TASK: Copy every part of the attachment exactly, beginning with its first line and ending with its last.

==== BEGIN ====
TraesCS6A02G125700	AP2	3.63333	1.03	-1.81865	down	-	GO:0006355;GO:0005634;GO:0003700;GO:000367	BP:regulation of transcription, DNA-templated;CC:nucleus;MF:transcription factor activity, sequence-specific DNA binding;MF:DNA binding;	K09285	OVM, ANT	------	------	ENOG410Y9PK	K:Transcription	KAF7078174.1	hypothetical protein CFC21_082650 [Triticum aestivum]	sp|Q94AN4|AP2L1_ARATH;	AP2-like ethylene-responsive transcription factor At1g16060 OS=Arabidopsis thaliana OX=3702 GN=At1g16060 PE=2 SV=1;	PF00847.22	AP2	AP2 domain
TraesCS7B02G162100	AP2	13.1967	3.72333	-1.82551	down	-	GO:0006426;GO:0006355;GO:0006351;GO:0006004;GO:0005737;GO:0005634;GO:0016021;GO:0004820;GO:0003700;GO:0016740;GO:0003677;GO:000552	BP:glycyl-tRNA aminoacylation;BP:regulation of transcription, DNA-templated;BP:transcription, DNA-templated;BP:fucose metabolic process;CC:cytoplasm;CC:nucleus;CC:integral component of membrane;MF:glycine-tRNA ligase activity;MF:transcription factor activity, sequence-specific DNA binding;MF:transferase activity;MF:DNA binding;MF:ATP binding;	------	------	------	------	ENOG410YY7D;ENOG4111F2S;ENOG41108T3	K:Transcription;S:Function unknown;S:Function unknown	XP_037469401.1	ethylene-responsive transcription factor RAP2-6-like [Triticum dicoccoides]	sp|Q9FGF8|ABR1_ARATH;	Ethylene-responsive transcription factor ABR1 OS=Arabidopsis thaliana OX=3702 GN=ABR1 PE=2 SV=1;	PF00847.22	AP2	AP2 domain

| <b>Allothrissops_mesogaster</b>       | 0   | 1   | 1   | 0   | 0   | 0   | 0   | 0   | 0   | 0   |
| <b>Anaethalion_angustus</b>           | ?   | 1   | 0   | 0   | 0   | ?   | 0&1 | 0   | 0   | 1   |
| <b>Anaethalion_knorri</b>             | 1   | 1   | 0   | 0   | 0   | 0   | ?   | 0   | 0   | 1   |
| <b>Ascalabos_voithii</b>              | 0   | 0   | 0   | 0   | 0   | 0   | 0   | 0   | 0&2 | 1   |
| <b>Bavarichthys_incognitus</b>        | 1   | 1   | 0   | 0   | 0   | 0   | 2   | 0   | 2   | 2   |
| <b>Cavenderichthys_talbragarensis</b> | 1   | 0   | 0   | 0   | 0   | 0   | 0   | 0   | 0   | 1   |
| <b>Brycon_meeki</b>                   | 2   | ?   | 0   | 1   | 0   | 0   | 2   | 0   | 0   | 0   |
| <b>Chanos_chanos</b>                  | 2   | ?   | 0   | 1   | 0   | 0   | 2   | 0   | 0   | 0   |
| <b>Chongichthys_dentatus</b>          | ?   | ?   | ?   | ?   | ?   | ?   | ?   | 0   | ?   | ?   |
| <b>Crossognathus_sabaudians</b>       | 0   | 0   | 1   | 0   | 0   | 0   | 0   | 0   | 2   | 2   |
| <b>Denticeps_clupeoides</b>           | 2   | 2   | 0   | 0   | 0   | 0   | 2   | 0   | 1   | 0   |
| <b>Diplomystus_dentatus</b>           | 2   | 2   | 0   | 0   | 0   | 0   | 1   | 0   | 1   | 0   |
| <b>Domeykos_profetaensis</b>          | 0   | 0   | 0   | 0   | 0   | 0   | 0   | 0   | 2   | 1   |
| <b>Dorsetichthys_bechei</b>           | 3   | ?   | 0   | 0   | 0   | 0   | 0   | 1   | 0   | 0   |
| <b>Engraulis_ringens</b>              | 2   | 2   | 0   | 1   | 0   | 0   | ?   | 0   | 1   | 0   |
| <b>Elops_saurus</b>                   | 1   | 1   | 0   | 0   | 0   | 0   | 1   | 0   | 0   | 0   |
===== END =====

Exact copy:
TraesCS6A02G125700	AP2	3.63333	1.03	-1.81865	down	-	GO:0006355;GO:0005634;GO:0003700;GO:000367	BP:regulation of transcription, DNA-templated;CC:nucleus;MF:transcription factor activity, sequence-specific DNA binding;MF:DNA binding;	K09285	OVM, ANT	------	------	ENOG410Y9PK	K:Transcription	KAF7078174.1	hypothetical protein CFC21_082650 [Triticum aestivum]	sp|Q94AN4|AP2L1_ARATH;	AP2-like ethylene-responsive transcription factor At1g16060 OS=Arabidopsis thaliana OX=3702 GN=At1g16060 PE=2 SV=1;	PF00847.22	AP2	AP2 domain
TraesCS7B02G162100	AP2	13.1967	3.72333	-1.82551	down	-	GO:0006426;GO:0006355;GO:0006351;GO:0006004;GO:0005737;GO:0005634;GO:0016021;GO:0004820;GO:0003700;GO:0016740;GO:0003677;GO:000552	BP:glycyl-tRNA aminoacylation;BP:regulation of transcription, DNA-templated;BP:transcription, DNA-templated;BP:fucose metabolic process;CC:cytoplasm;CC:nucleus;CC:integral component of membrane;MF:glycine-tRNA ligase activity;MF:transcription factor activity, sequence-specific DNA binding;MF:transferase activity;MF:DNA binding;MF:ATP binding;	------	------	------	------	ENOG410YY7D;ENOG4111F2S;ENOG41108T3	K:Transcription;S:Function unknown;S:Function unknown	XP_037469401.1	ethylene-responsive transcription factor RAP2-6-like [Triticum dicoccoides]	sp|Q9FGF8|ABR1_ARATH;	Ethylene-responsive transcription factor ABR1 OS=Arabidopsis thaliana OX=3702 GN=ABR1 PE=2 SV=1;	PF00847.22	AP2	AP2 domain

| <b>Allothrissops_mesogaster</b>       | 0   | 1   | 1   | 0   | 0   | 0   | 0   | 0   | 0   | 0   |
| <b>Anaethalion_angustus</b>           | ?   | 1   | 0   | 0   | 0   | ?   | 0&1 | 0   | 0   | 1   |
| <b>Anaethalion_knorri</b>             | 1   | 1   | 0   | 0   | 0   | 0   | ?   | 0   | 0   | 1   |
| <b>Ascalabos_voithii</b>              | 0   | 0   | 0   | 0   | 0   | 0   | 0   | 0   | 0&2 | 1   |
| <b>Bavarichthys_incognitus</b>        | 1   | 1   | 0   | 0   | 0   | 0   | 2   | 0   | 2   | 2   |
| <b>Cavenderichthys_talbragarensis</b> | 1   | 0   | 0   | 0   | 0   | 0   | 0   | 0   | 0   | 1   |
| <b>Brycon_meeki</b>                   | 2   | ?   | 0   | 1   | 0   | 0   | 2   | 0   | 0   | 0   |
| <b>Chanos_chanos</b>                  | 2   | ?   | 0   | 1   | 0   | 0   | 2   | 0   | 0   | 0   |
| <b>Chongichthys_dentatus</b>          | ?   | ?   | ?   | ?   | ?   | ?   | ?   | 0   | ?   | ?   |
| <b>Crossognathus_sabaudians</b>       | 0   | 0   | 1   | 0   | 0   | 0   | 0   | 0   | 2   | 2   |
| <b>Denticeps_clupeoides</b>           | 2   | 2   | 0   | 0   | 0   | 0   | 2   | 0   | 1   | 0   |
| <b>Diplomystus_dentatus</b>           | 2   | 2   | 0   | 0   | 0   | 0   | 1   | 0   | 1   | 0   |
| <b>Domeykos_profetaensis</b>          | 0   | 0   | 0   | 0   | 0   | 0   | 0   | 0   | 2   | 1   |
| <b>Dorsetichthys_bechei</b>           | 3   | ?   | 0   | 0   | 0   | 0   | 0   | 1   | 0   | 0   |
| <b>Engraulis_ringens</b>              | 2   | 2   | 0   | 1   | 0   | 0   | ?   | 0   | 1   | 0   |
| <b>Elops_saurus</b>                   | 1   | 1   | 0   | 0   | 0   | 0   | 1   | 0   | 0   | 0   |